Jesus is not just overturning the tables in the temple courts; he is overturning the domination system of the day.
Day 3, Tuesday’s Turmoils: Jesus enters the Temple courts and selects a spot there to teach. Immediately, the Sadducees and Pharisees interrupt him, interrogate him. (Yes, Sadducees and Pharisees are Jewish religious leaders; however, they interrogate not because they are Jewish, but because there is power is threatened. This could be any ethnic or religious group who feel that there is power is threatened.) So, they ask “By what authority are you doing these things?” they demand. Jesus replies calmly. “I will ask you one question. If you can answer, I will tell you by what authority I am doing these things…John’s baptism. Where did it come from? God or man?” The religious leaders are stumped. They talk privately among themselves. “If we say, ‘From God’, then Jesus will ask, ‘Then why did we not believe him?’ If we say from man, then we are afraid of the people, for they hold that John was a prophet.” “Uh, we don’t know” a chief priest finally says. The crowd was awed. The high priests stunned into silence. (Bang gavel) Case dismissed.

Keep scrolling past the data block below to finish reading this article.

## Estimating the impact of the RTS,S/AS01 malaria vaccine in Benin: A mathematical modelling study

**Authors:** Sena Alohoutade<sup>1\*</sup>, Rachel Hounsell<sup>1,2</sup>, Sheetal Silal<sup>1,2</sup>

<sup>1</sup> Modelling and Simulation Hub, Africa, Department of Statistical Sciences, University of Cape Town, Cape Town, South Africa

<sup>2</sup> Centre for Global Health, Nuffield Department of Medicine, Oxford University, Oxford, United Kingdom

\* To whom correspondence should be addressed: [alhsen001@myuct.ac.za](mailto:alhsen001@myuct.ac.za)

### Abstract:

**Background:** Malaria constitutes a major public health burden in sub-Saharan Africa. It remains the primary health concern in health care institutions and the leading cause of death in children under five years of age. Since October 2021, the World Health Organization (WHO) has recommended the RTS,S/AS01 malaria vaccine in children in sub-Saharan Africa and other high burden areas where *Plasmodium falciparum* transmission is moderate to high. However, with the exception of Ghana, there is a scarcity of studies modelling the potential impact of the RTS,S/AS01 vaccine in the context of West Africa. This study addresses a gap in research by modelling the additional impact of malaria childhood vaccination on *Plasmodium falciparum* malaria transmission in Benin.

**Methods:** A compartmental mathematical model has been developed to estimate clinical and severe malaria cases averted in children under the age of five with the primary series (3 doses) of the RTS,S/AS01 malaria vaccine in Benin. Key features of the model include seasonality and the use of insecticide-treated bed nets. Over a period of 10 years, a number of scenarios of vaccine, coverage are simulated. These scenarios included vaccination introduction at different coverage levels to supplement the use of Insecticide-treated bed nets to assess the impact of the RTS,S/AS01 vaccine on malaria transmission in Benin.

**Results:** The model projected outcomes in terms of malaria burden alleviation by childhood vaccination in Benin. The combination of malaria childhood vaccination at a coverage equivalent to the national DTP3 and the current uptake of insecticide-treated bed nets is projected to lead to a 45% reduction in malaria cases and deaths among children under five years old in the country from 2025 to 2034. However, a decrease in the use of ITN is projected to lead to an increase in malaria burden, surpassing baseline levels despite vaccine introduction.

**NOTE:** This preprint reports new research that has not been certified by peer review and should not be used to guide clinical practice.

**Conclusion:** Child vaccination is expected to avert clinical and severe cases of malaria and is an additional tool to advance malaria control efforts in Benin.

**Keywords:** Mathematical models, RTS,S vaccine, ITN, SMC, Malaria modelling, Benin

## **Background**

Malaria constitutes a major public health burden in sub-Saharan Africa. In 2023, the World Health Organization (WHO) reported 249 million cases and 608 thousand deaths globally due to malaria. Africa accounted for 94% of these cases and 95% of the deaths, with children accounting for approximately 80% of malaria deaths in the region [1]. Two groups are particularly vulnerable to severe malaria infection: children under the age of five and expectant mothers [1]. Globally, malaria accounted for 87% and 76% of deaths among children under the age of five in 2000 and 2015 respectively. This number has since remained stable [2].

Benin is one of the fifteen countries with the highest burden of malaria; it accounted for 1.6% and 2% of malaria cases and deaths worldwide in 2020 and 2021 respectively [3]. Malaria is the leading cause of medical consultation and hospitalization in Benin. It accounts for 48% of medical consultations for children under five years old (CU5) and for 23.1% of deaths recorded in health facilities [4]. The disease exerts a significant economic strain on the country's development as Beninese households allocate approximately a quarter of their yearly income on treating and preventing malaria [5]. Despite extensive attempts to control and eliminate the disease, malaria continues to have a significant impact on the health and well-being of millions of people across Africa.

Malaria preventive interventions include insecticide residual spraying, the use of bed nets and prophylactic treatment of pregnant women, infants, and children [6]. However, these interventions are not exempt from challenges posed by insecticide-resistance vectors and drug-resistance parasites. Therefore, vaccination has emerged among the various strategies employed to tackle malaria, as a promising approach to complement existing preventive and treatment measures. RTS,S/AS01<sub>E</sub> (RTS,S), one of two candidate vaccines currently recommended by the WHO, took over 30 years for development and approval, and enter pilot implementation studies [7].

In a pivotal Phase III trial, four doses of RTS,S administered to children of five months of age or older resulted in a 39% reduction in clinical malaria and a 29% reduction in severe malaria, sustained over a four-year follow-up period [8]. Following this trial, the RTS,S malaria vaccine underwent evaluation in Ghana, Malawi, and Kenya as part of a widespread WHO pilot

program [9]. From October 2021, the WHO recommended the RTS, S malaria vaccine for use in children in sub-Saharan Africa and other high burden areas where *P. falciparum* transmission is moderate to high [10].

Throughout the day, they try to trap him. “Is it lawful to pay taxes to the Emperor or not?” “If a woman marries seven men because each husband has died whose wife will she be in the resurrection? Of the 613 commands of God, which one is the most important? No challenge will undo him, no question will deter him. (Bang gavel) Case dismissed. (Bang gavel) Case dismissed. (Bang gavel) Case dismissed.